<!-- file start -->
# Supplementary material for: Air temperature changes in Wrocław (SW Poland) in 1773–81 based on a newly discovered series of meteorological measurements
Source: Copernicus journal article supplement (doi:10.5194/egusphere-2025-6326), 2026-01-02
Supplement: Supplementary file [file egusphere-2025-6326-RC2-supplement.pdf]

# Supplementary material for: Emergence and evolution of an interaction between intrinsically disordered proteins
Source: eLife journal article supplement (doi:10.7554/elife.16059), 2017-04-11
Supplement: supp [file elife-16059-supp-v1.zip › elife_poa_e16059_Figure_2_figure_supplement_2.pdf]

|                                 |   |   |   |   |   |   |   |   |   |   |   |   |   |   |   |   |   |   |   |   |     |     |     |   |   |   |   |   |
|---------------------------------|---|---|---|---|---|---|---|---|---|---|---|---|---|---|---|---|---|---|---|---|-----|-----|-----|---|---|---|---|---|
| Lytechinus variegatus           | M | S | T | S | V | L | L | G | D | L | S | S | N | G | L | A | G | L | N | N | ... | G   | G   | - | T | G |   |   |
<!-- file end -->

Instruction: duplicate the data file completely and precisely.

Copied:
# Supplementary material for: Air temperature changes in Wrocław (SW Poland) in 1773–81 based on a newly discovered series of meteorological measurements
Source: Copernicus journal article supplement (doi:10.5194/egusphere-2025-6326), 2026-01-02
Supplement: Supplementary file [file egusphere-2025-6326-RC2-supplement.pdf]

# Supplementary material for: Emergence and evolution of an interaction between intrinsically disordered proteins
Source: eLife journal article supplement (doi:10.7554/elife.16059), 2017-04-11
Supplement: supp [file elife-16059-supp-v1.zip › elife_poa_e16059_Figure_2_figure_supplement_2.pdf]

|                                 |   |   |   |   |   |   |   |   |   |   |   |   |   |   |   |   |   |   |   |   |     |     |     |   |   |   |   |   |
|---------------------------------|---|---|---|---|---|---|---|---|---|---|---|---|---|---|---|---|---|---|---|---|-----|-----|-----|---|---|---|---|---|
| Lytechinus variegatus           | M | S | T | S | V | L | L | G | D | L | S | S | N | G | L | A | G | L | N | N | ... | G   | G   | - | T | G |   |   |